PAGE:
Forming a government after elections that end with a relatively close result in each state's problem, so it was in Slovenia 1996. when the 90 member parliament was divided by half - the 45 mandate was attributed to the former conservative opposition and to the same liberal leftist led by Janez Drnovsek, with the leftist traditionally attributing two mandates chosen by Italians and Hungarians at special elections , the Slovene constitution being the only recognized indigenous minority.
The crisis created by such a pat-position was resolved only after three months, and the resignation was made possible by Ciril Pucko, a puck party representative who moved from the conservative camp to liberalist, and then joined Drnovšek's party. In many cases, this caused exclamation and condemnation, as well as in the Puck's electoral base that chose him as a conservative rather than a liberal.
He was judged to have committed a political release and an unlawful change of legitimate election results, allegedly receiving threats as well, and Drnovsek called his decision with a bold and pragmatic move that made the country more stable.
Unlike the Croatian situation, in Slovenia, after the election, the political process takes place in two phases, which allows the mandator a more confusing situation and more maneuver for negotiations with the parties.
The mandate after the formal consultations with the parties is proposed by the president of the state. Representatives after the constitution of a new parliament are elected secretly by a majority of all votes, and where the matter will start is usually clear before that, when a new parliament speaker is elected, because it shows how the votes of the new parliamentary majority are distributed.
The president of the state in Slovenia has the mandate for the composition of the new government to always give the president of the party who has received the relatively high number of votes and the relatively high parliamentary mandates, which happened to 2004. when the mandate for the new Government Drnovšek, who was then president of the Republic, gave Janez Jansa, a former political right-wing rival.
If the first mandate, which has been ratified by the parliament, fails to provide the majority for its government, this option gets the candidate of another most successful party in the elections. This has happened in Slovenia only once - after the 2011 election. when Zoran Jankovic failed to form a government, and succeeded in the second attempt by Janez Jansa, who at the then President Danilo Tuerku brought the necessary 46 MPs and thus convinced him to give him a mandate.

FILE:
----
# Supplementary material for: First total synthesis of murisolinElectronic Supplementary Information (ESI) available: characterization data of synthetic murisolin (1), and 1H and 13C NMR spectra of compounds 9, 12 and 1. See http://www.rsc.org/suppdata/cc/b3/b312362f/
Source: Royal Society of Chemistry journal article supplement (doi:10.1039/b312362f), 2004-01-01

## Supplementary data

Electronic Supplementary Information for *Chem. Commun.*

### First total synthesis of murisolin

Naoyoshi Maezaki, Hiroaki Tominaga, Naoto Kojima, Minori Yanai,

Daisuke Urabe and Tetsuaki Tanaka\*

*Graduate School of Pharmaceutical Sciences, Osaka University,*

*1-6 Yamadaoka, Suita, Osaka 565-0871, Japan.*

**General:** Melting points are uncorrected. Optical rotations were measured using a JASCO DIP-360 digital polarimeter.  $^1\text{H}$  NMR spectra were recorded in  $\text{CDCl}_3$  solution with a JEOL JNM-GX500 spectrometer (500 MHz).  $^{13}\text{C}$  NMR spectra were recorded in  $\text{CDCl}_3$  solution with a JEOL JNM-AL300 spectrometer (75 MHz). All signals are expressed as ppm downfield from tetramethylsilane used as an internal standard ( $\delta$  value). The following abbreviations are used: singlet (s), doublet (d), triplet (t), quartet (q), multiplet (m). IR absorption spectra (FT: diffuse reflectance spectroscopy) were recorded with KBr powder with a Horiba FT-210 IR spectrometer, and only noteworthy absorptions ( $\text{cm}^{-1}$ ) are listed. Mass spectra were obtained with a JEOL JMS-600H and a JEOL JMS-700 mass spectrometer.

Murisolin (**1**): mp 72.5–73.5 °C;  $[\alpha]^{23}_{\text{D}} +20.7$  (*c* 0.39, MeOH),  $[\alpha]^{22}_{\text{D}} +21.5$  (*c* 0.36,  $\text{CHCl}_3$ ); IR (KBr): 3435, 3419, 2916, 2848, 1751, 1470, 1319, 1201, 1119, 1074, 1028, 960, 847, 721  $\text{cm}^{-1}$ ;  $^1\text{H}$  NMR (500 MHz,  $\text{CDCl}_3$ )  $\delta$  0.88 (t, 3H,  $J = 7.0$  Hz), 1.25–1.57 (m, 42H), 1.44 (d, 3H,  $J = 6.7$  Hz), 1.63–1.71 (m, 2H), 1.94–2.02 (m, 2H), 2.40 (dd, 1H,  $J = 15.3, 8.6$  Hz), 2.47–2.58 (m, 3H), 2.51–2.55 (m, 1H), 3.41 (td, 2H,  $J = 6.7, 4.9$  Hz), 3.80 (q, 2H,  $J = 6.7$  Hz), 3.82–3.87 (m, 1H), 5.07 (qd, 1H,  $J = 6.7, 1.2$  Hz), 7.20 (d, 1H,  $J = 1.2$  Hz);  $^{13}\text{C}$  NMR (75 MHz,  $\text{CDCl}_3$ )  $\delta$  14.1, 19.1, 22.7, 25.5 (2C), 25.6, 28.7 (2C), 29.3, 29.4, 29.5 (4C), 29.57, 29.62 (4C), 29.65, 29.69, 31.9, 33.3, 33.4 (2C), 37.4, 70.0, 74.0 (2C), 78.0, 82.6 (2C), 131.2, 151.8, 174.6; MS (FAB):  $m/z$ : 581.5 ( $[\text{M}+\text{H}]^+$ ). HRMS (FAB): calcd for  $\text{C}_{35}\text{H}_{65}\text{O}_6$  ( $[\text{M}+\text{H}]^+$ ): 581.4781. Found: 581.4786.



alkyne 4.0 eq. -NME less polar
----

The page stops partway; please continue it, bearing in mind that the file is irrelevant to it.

For Drnovsek, analysts said he was "coated with all fats," and that is why he managed to form three successful mixed governments, whose country ruled for ten years. And pat-situation after parliamentary elections 1996. which threatened with the political crisis and the announcement of new elections, Drnovšek elegantly shuffled and eventually embedded in the post-election coalition government, precisely the Pucka party, which was previously "stolen" by a deputy voice.
Prior to this election, in the first phase of the election, Zmage Jelinčič, the National Party (SNS) coalition, promised that he was in the new government as interior minister, but after turning his mandatory role away from Jelinčič's party, which could politically compromise him, the Alliance and the Government with the Party Party (SLS) of the Friars Podobnik.
For that, the Government later used to say that it was "nervous and time-to-day," because the arrangement with it was very difficult since Marjan Podobnik, then party president, was forced to put up for formal vice-premier.
Because of populist orientation, Podobnik knew how to "leap" from the governmental agreement, so he objected to the compromise on the border with Croatia, while Drnovšek considered it the crown of his foreign policy.
The Coalition of Drnovsek and Podobnik broke up with 2000. six months before the regular elections, because Podobnik returned to the right and denied the support of the Government in a vote of confidence. The government then fell, and a new Government was formed, which was briefly led by Andrej Bajuk, a financial expert from Argentina, of a Slovenian origin.